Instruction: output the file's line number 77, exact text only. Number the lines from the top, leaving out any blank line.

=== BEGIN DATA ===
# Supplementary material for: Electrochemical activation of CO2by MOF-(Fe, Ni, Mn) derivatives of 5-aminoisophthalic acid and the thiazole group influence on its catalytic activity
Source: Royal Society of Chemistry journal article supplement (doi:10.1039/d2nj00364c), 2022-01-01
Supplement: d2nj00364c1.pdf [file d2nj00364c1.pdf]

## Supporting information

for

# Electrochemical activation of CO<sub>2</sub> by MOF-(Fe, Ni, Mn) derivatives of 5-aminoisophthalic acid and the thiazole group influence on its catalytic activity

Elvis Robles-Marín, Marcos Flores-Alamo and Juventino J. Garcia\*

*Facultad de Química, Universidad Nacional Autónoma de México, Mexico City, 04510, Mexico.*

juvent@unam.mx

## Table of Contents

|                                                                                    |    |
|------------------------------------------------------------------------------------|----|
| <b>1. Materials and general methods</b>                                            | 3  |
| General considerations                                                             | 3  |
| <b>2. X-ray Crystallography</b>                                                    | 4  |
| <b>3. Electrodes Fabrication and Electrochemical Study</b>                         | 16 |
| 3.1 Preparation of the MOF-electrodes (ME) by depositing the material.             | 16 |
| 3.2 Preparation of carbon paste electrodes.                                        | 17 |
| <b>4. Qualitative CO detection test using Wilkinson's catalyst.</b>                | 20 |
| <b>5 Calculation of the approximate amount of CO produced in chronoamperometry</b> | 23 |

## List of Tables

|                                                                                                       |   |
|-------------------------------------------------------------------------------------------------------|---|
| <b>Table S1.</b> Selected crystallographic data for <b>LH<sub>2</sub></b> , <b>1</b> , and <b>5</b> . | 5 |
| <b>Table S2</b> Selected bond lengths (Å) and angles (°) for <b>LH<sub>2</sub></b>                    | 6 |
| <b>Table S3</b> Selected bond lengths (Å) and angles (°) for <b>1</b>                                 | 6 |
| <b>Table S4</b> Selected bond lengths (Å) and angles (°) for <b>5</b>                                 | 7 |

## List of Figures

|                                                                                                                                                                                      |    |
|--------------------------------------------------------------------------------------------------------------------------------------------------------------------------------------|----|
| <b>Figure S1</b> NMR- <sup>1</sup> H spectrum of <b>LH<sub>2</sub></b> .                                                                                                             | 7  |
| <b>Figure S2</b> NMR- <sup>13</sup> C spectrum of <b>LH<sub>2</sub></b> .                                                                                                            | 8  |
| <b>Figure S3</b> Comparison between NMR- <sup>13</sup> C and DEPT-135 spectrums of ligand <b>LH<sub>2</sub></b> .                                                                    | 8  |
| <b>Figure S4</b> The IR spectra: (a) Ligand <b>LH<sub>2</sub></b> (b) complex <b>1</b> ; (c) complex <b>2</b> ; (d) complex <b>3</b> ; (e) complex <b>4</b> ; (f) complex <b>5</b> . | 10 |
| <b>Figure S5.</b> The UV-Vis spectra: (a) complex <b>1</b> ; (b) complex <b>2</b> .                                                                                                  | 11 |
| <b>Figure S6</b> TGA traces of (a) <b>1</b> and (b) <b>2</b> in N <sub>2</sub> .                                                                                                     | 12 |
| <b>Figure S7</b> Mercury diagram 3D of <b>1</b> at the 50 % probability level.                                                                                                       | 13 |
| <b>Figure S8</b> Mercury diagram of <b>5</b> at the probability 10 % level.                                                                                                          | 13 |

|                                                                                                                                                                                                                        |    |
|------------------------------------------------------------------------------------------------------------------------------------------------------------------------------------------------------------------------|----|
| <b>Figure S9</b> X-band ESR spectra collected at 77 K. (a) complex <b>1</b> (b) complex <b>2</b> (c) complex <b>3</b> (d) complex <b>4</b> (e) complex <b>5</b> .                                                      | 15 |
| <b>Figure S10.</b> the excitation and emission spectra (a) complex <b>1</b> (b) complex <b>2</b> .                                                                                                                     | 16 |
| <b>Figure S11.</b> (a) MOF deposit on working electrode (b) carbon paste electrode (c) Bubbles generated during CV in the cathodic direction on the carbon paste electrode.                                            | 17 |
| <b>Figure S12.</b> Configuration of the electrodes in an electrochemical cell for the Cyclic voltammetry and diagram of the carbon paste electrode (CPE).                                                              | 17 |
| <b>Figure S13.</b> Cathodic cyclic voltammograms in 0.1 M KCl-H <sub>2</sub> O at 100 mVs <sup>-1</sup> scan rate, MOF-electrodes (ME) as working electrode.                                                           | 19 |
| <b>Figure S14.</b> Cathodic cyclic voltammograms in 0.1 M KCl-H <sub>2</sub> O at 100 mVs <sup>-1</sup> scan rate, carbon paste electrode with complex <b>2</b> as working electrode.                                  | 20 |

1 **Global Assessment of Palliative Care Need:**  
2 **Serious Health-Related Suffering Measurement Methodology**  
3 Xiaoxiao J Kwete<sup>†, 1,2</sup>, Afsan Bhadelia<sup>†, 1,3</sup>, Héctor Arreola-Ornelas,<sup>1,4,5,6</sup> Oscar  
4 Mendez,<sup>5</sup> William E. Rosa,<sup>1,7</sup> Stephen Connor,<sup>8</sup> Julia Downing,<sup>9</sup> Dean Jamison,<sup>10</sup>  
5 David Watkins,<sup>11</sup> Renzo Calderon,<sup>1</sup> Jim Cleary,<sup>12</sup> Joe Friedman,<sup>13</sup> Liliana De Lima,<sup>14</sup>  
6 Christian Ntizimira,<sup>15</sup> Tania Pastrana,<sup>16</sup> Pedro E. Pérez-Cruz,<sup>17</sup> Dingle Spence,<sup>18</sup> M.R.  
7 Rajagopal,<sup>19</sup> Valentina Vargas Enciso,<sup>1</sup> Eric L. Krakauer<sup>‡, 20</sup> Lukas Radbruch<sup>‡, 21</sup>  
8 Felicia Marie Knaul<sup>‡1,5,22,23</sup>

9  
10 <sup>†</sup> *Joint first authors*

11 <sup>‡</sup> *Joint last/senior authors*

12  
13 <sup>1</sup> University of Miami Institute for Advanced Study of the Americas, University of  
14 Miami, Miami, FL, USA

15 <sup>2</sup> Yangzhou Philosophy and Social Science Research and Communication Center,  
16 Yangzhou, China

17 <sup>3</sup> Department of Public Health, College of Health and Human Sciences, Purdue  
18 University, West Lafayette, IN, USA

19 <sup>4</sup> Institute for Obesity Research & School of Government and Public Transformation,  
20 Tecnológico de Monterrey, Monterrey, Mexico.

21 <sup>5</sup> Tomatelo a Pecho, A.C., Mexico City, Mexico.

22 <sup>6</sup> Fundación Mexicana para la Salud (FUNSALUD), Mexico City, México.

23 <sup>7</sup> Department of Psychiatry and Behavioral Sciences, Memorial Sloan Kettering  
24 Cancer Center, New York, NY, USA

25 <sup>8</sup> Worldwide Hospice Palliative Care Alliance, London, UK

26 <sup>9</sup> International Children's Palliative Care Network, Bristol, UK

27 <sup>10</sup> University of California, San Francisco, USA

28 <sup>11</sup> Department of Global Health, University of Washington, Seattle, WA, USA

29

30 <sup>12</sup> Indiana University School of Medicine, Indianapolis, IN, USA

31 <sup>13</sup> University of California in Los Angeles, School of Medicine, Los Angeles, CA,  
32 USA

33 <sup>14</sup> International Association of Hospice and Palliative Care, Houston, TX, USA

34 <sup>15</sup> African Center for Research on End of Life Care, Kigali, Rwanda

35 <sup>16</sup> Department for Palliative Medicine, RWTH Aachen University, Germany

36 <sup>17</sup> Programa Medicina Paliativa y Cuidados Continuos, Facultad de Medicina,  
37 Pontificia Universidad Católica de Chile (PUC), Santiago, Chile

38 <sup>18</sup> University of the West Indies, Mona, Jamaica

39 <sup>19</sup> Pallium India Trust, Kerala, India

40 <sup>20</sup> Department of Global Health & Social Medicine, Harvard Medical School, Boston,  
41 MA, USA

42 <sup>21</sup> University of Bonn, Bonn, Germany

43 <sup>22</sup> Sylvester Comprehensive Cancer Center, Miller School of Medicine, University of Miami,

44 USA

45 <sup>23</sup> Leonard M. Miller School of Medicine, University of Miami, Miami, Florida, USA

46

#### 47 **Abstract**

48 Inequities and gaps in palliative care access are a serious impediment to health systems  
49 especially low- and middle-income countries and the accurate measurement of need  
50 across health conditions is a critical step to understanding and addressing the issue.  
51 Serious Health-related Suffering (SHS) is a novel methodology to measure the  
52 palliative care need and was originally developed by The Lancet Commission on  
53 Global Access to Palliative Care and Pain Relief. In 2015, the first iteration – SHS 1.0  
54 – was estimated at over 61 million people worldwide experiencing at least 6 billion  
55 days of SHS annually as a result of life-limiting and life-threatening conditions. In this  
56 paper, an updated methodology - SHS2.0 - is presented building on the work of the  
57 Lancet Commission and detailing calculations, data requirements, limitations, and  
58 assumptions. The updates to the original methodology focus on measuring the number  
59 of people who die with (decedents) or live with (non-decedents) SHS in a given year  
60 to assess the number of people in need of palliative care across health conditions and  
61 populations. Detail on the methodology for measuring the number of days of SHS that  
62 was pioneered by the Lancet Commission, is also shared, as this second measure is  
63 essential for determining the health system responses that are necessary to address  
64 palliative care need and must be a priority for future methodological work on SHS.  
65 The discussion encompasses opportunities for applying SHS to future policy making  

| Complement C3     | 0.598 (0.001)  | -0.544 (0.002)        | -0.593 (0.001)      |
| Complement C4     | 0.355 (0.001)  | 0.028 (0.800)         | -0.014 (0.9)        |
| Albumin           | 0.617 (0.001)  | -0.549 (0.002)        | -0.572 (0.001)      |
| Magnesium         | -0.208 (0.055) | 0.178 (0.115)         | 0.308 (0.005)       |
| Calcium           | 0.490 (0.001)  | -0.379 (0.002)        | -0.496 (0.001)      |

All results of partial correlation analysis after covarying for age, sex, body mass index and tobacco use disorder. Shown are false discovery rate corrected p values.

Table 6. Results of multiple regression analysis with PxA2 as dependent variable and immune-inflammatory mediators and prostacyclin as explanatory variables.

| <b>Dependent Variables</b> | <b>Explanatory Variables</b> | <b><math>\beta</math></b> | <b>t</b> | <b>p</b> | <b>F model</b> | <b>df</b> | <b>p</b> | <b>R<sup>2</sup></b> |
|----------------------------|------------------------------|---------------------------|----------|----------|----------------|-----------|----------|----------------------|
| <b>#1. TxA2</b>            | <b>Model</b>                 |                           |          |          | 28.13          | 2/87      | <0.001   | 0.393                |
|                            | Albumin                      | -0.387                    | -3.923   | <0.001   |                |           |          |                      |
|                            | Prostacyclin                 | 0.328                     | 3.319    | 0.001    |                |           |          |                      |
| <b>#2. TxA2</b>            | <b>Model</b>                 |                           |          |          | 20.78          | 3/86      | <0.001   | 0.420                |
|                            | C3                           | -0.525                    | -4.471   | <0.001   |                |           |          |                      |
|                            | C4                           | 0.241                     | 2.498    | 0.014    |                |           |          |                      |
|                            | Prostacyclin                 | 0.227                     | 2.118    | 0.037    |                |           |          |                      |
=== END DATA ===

31 <sup>13</sup> University of California in Los Angeles, School of Medicine, Los Angeles, CA,  